The Media’s Declining Clout
As newspaper readership declines, government officials increasingly ignore stories that once would have embarrassed them.
Year in and year out, Gerard Randall always finds a way to get paid with public funds. For years he ran the Private Industry Council, which was funded by Milwaukee County until it was disbanded in the face of heavy criticism and the city took over job training and employment in Milwaukee. Undaunted, Randall went on to win several no-bid contracts from Milwaukee County to work on task forces aimed at reducing minority unemployment and was criticized for not fully documenting how he spent the money.
Randall then found a new funder, Milwaukee Public Schools, which has paid him $280,000 over a two-year period, As Milwaukee Journal Sentinel reporter Erin Richards has documented, the deal was a highly unusual one. For starters this was another no-bid contract. And the contract funded something called the Milwaukee Partnership Academy, which doesn’t really exist in any official fashion — it’s not an incorporated non-profit, she found, nor is it registered as a corporation of any kind, my check of state records shows. In essence the contract is just with Randall — except that Randall’s name appears nowhere on the contract with the MPA!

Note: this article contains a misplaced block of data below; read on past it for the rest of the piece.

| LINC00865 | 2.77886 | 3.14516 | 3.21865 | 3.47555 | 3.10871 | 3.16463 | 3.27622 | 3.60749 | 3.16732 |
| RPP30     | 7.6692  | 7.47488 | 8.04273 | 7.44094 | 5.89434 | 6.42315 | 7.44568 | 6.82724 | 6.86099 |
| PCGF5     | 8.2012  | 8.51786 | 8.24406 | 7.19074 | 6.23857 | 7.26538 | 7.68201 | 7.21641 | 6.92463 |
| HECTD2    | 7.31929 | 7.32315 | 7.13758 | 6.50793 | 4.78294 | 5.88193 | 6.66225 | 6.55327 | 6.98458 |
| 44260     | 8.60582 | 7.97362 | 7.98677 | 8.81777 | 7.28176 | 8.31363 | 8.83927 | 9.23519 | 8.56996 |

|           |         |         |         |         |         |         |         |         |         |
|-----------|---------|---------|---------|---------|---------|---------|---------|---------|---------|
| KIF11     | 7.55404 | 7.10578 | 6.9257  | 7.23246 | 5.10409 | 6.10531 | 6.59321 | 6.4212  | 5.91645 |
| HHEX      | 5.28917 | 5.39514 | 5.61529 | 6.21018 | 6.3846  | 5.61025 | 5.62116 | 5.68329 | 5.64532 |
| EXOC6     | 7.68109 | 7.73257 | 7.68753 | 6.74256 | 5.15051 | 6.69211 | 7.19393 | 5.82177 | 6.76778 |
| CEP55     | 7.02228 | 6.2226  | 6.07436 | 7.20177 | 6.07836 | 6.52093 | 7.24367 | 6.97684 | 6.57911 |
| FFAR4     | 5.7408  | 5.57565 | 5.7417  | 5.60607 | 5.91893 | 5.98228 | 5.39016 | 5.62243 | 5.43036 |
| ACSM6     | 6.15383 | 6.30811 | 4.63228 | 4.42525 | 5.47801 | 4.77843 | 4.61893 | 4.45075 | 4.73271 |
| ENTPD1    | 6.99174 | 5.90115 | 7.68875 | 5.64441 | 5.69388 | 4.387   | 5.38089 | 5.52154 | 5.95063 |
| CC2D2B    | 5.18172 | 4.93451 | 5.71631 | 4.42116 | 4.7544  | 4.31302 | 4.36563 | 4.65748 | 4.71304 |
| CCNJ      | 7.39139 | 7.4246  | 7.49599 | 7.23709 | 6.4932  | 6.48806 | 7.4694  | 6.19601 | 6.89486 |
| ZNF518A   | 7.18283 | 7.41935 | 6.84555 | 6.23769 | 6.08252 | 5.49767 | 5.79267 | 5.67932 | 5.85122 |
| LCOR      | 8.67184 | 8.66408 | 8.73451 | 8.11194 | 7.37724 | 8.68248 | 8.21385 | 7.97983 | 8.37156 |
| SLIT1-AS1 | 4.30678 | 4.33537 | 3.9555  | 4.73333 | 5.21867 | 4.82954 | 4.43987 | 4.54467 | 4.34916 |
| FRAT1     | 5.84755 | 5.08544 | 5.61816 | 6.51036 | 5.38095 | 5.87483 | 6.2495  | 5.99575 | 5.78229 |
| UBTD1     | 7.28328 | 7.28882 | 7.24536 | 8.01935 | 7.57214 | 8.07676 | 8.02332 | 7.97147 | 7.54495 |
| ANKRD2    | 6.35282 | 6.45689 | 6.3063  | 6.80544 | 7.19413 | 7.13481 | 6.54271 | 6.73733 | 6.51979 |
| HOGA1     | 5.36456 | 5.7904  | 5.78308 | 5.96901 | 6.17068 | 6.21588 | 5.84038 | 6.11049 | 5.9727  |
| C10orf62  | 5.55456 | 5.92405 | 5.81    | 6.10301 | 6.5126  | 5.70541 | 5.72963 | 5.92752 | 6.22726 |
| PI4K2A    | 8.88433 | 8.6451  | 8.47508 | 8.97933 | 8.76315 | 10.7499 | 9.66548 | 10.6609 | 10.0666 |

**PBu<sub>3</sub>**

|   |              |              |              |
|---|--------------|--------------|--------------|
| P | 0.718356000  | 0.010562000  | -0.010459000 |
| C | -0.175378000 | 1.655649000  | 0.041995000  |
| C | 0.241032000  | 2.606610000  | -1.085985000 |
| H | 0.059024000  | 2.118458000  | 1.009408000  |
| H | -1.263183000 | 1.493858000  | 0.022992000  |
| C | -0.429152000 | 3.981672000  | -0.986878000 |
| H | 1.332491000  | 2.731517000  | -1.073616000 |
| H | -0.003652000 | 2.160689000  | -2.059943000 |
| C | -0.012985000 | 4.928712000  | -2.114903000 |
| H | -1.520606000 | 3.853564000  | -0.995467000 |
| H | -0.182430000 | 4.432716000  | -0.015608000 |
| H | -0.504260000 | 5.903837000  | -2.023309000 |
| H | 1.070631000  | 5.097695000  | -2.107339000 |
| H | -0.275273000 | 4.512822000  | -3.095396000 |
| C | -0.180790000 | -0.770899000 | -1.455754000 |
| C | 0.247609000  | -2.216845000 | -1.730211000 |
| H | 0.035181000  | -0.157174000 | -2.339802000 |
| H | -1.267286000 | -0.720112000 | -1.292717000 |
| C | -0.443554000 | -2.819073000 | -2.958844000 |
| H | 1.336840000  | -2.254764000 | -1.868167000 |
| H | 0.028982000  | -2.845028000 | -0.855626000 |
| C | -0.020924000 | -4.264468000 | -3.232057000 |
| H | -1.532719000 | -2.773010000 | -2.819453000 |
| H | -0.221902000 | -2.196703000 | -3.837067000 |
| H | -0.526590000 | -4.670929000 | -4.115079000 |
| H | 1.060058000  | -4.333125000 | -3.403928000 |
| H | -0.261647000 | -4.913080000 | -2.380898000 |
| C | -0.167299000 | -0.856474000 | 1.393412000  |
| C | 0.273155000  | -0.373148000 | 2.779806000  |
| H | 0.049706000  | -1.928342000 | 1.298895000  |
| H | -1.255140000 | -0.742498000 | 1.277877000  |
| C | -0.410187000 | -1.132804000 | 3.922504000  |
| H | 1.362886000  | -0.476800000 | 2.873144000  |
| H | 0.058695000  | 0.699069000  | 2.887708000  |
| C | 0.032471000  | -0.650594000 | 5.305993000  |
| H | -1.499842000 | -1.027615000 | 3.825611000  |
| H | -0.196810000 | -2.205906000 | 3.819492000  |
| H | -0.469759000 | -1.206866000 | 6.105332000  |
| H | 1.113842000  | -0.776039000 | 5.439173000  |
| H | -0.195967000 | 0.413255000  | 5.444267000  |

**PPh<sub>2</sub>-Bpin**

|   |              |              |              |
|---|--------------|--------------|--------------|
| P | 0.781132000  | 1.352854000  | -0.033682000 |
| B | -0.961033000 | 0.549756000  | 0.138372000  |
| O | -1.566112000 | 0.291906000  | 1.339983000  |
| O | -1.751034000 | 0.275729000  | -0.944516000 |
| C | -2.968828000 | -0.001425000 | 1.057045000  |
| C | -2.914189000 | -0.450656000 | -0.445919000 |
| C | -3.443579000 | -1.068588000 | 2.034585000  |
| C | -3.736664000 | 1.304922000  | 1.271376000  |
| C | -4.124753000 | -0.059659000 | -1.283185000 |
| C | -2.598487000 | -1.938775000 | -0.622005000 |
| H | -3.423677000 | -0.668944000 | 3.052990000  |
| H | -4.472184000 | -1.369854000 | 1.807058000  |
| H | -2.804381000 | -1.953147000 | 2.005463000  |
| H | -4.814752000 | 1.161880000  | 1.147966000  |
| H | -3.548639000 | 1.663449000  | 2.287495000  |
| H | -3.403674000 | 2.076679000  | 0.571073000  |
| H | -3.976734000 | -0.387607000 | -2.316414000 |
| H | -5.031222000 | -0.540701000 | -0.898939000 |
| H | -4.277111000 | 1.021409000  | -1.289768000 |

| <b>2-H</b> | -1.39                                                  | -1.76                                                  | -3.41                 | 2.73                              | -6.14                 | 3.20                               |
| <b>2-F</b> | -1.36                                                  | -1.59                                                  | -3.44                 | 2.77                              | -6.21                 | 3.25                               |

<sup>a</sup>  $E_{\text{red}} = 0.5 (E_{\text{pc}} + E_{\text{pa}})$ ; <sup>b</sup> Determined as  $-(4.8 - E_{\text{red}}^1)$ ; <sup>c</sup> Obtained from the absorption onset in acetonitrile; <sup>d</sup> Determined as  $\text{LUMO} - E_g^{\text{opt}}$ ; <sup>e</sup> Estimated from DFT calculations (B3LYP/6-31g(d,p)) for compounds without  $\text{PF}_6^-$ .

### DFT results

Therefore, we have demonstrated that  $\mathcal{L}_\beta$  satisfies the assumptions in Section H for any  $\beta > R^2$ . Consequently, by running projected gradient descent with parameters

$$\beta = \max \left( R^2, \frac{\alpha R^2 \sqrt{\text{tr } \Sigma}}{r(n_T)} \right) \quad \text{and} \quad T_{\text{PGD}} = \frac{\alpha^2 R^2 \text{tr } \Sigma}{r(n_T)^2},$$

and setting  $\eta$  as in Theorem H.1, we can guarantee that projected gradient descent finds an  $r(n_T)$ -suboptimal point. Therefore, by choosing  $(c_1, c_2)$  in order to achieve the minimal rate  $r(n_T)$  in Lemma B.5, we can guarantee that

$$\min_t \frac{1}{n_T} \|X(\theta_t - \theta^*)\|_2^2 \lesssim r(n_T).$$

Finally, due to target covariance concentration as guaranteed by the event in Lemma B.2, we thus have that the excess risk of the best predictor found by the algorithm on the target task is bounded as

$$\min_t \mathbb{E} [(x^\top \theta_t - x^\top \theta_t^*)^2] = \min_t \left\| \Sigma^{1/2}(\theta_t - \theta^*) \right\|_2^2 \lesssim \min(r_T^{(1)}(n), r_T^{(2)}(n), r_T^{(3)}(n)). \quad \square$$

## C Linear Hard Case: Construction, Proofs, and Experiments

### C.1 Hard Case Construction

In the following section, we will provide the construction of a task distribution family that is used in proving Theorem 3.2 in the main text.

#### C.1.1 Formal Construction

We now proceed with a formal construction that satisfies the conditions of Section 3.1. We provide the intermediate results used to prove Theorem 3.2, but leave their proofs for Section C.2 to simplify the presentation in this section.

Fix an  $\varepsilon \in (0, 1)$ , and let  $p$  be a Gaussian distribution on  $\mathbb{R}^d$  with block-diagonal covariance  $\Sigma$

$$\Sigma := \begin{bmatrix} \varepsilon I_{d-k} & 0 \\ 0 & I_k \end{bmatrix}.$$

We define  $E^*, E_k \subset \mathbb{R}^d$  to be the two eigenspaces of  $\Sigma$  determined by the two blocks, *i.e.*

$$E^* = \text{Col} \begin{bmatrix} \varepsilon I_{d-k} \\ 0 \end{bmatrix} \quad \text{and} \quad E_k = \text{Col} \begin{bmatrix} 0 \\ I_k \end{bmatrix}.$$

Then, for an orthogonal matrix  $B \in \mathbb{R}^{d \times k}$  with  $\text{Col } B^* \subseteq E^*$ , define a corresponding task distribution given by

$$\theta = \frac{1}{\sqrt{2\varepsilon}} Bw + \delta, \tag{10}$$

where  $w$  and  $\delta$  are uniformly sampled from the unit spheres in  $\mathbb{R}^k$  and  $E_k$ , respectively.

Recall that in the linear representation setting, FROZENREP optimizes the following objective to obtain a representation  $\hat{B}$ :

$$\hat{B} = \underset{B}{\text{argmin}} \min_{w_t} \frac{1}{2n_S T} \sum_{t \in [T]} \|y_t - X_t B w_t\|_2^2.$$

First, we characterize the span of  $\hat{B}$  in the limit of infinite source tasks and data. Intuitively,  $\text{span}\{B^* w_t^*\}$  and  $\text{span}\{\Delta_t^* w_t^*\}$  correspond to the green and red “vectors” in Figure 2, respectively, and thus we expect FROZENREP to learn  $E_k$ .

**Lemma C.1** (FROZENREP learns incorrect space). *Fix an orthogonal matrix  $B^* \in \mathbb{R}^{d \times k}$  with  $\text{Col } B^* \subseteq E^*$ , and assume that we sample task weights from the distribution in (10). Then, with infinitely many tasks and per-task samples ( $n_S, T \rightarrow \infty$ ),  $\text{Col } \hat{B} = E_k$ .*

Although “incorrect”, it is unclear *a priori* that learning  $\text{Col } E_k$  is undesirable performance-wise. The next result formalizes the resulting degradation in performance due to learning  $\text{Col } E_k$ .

As with his county contracts, precisely what MPS is paying for is unclear. Randall “declined the Journal Sentinel’s request for a budget showing how he spends the MPS money.”
One thing we do know is that Randall is one very well-connected guy. He partnered with Cardinal Stritch on a grant request to fund a program whose project coordinator Theresa Thornton is the wife of MPS Superintendent Gregory Thornton. And he managed to get a long list of important people in town to sign on as volunteer partners of the the MPA, including Superintendent Thornton, school board president Michael Bonds, UW-Milwaukee Chancellor Michael Lovell, Milwaukee Area Technical College President Michael Burke, Cardinal Stritch University President James Loftus, and many others.
It may be that Randall is providing valuable services to MPS, but it’s difficult to judge when no expense reports are provided. Moreover, the way this contract has been set up stinks to high heaven. Richards did a good job exposing all this, but MPS officials simply ignored the story and blithely approved a contract renewal for Randall for $180,000, once again a no-bid contract and which apparently gives him a $40,000 annual raise. Nice work if you can get it.